FDI can be categorized based on the direction of its flow, inward (within a geographic area or trade bloc) or outward (going from one geographic area or trade bloc to another) and also based on the motive behind the investment from the perspective of the investing company. Companies like Riordan who are thinking about acquiring means of production that are more efficient than those in their home economy are said to be motivated by resource-seeking. Riordan seeks resources such as cheap labor and natural resources abroad because they may not be available in its home economy, the US, but readily and cheaply available in the Middle East, Southeast Asia and Eastern Europe. Riordan is also seeking to penetrate new markets via its globalization strategy. This makes Riordan's potential FDI a market-seeking - investment, an investment Riordan can use employed as a defensive strategy to counter the danger of shrinking domestic markets. Another motivation for FDI is efficiency-seeking where companies hope to increase their efficiency by exploiting the benefits of economies of scale and scope, and also those of common ownership. Riordan may choose this type of FDI after it has realized the goals of its resource and market seeking investments to further increase the profitability of the company. Efficiency-seeking FDI is best accomplished with developed economies, especially those within closely integrated markets such as EU. Riordan can also consider FDI as a tactical move to prevent the loss of resource to a competitor (Konopielko, 1999).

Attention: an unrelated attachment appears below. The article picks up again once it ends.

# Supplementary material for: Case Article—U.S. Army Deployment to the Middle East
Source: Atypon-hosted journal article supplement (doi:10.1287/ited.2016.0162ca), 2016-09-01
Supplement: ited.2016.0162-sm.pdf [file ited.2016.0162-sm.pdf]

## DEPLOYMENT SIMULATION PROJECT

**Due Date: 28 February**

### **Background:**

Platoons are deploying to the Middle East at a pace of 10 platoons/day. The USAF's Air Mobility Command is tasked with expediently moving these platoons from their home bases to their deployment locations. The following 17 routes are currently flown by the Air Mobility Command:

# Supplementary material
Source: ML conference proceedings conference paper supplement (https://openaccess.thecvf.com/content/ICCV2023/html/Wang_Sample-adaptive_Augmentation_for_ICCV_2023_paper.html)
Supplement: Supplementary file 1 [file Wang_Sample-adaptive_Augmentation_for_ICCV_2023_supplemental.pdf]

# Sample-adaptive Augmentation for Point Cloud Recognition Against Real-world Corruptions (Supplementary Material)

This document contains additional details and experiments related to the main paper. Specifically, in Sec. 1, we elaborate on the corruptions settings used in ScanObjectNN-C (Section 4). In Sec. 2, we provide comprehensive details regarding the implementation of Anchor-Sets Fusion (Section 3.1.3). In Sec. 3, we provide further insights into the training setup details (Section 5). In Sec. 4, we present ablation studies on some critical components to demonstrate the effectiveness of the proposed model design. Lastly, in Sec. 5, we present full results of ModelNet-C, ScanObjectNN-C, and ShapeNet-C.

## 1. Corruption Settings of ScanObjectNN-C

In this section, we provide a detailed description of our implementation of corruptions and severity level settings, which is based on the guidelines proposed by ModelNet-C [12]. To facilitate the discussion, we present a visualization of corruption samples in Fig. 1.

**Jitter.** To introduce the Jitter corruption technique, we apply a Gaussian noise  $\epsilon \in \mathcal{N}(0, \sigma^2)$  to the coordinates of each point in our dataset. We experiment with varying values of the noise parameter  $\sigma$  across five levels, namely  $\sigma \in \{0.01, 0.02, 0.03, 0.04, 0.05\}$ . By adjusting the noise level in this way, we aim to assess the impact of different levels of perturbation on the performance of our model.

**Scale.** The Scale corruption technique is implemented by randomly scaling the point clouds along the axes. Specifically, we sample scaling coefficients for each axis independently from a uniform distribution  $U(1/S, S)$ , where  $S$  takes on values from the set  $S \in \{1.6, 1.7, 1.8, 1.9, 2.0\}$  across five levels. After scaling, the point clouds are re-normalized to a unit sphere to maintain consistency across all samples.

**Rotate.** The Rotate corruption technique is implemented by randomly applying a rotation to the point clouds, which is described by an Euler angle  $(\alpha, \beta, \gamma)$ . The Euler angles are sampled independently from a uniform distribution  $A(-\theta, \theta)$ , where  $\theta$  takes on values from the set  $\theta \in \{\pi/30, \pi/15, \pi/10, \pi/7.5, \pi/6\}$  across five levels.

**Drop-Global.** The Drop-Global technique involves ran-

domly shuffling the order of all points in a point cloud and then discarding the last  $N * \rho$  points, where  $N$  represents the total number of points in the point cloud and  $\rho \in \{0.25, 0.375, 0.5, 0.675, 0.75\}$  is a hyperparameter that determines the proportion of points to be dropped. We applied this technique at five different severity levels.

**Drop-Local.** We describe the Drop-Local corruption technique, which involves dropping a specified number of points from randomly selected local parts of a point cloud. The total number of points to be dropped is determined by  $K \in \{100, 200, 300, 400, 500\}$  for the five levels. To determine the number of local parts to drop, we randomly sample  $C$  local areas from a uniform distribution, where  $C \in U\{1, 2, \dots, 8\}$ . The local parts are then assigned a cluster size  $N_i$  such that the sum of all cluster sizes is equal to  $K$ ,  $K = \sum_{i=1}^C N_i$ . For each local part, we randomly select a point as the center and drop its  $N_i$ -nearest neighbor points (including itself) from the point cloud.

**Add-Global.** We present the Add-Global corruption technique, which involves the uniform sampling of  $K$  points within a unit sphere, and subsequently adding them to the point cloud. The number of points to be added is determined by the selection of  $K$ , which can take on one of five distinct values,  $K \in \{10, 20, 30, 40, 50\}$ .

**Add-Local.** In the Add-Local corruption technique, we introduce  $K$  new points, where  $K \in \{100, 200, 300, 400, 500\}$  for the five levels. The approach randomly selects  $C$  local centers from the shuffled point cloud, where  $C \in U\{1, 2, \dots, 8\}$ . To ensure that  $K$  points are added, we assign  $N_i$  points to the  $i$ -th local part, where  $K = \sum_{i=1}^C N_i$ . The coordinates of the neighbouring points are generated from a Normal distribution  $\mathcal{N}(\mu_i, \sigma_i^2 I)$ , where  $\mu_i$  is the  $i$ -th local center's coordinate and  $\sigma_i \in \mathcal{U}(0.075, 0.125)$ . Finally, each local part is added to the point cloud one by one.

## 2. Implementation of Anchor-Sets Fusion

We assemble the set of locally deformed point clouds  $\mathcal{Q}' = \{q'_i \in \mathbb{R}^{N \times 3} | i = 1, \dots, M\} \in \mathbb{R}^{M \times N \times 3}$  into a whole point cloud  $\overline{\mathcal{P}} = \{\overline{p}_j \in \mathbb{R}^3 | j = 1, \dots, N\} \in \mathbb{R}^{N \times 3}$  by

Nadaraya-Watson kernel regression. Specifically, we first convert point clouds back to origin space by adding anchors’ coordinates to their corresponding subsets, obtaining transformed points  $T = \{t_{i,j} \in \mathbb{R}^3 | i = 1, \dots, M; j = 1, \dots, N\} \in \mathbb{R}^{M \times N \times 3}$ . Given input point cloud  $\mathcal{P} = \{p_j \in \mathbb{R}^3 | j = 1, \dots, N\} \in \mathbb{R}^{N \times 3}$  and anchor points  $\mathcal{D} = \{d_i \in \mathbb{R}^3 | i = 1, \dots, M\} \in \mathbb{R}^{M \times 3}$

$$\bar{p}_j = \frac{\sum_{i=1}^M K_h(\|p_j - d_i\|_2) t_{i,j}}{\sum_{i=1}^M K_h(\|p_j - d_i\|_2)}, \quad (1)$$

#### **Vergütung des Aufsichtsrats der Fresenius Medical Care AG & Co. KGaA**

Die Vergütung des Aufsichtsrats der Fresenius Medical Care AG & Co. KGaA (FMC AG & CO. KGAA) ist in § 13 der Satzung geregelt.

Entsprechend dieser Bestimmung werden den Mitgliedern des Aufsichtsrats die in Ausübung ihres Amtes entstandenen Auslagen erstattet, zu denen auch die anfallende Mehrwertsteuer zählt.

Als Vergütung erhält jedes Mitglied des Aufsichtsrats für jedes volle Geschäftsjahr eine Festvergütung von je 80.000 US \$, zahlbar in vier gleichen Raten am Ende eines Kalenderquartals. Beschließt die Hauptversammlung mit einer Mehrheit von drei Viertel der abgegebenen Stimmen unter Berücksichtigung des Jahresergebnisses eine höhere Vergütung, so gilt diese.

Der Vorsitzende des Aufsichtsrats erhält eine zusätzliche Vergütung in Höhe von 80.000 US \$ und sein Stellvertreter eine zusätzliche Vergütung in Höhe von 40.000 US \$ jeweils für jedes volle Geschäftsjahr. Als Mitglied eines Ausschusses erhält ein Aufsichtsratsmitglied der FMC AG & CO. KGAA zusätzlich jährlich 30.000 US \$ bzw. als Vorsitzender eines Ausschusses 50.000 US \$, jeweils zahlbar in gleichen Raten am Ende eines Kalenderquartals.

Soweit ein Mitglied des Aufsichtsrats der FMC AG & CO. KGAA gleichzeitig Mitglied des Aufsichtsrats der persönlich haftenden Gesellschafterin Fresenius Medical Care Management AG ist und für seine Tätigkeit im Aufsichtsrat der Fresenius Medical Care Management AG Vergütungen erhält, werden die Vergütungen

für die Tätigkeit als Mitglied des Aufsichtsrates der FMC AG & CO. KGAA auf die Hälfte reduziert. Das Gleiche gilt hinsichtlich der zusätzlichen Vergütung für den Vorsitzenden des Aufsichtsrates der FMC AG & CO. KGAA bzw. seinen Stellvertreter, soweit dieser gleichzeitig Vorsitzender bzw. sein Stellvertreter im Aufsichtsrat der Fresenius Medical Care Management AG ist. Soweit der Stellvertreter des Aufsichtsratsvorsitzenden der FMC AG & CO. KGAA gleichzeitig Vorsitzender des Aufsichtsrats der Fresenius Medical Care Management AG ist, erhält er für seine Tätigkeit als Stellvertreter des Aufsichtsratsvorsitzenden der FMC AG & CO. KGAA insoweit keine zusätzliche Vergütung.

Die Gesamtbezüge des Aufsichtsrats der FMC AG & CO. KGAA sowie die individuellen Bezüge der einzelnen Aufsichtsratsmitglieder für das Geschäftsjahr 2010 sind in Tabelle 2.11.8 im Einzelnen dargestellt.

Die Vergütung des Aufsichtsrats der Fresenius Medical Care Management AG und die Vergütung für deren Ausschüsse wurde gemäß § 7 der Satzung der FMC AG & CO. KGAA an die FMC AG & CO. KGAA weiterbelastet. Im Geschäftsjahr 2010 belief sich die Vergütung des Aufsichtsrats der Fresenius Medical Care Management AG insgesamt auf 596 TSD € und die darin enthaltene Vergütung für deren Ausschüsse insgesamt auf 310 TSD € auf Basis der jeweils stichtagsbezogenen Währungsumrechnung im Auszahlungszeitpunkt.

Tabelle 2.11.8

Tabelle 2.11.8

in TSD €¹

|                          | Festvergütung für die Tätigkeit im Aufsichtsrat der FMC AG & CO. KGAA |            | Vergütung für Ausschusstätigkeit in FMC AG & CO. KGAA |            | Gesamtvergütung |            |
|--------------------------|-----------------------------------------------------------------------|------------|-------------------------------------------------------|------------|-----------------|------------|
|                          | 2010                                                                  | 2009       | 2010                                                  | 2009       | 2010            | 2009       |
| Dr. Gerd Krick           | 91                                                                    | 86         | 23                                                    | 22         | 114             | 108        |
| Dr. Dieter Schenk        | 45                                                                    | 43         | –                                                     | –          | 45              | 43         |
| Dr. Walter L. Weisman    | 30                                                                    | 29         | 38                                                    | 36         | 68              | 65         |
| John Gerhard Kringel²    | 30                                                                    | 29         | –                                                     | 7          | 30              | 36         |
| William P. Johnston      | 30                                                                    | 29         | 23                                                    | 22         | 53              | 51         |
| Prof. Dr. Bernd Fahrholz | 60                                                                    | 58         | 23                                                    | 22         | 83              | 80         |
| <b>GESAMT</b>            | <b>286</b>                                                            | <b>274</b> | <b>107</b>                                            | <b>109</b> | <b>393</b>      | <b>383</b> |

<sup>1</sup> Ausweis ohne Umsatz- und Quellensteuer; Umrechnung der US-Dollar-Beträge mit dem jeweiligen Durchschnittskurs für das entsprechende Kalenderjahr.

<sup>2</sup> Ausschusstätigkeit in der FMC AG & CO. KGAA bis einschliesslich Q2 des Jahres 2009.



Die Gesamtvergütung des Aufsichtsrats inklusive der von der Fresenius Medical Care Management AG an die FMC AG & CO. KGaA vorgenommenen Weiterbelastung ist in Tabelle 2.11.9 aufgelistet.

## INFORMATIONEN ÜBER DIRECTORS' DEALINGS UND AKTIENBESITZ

A factor essential to the stability of world trade is the existence of major international financial organizations such as the International Monetary Fund (IMF) and the World Trade Organization (WTO). The IMF, an international financial organization of 184 countries which was established in 1945, works to assure the stability of the international monetary and financial system. The IMF's mandate includes working to smooth the progress and the expansion and balanced growth of international trade, maintaining exchange stability, and correcting of countries' balance of payments problems. The WTO is another international organization of 149 countries came into being in 1995. The WTO regulates trade between nations. The organization helps international trade to flow smoothly, predictably, and freely, and gives countries a constructive and fair venue for managing disputes over trade issues. The WTO followed the General Agreement on Tariffs and Trade (GATT) an international treaty that was established in 1947.The missions of the IMF and the WTO ...
This is a guide on how to identify the roles financial organizations, regional trading blocs, global management, trade finance, foreign direct investment, and foreign exchange play in Riordan's selected regional trading blocs. Riordan is a fictitious company embarking on an international expansion project.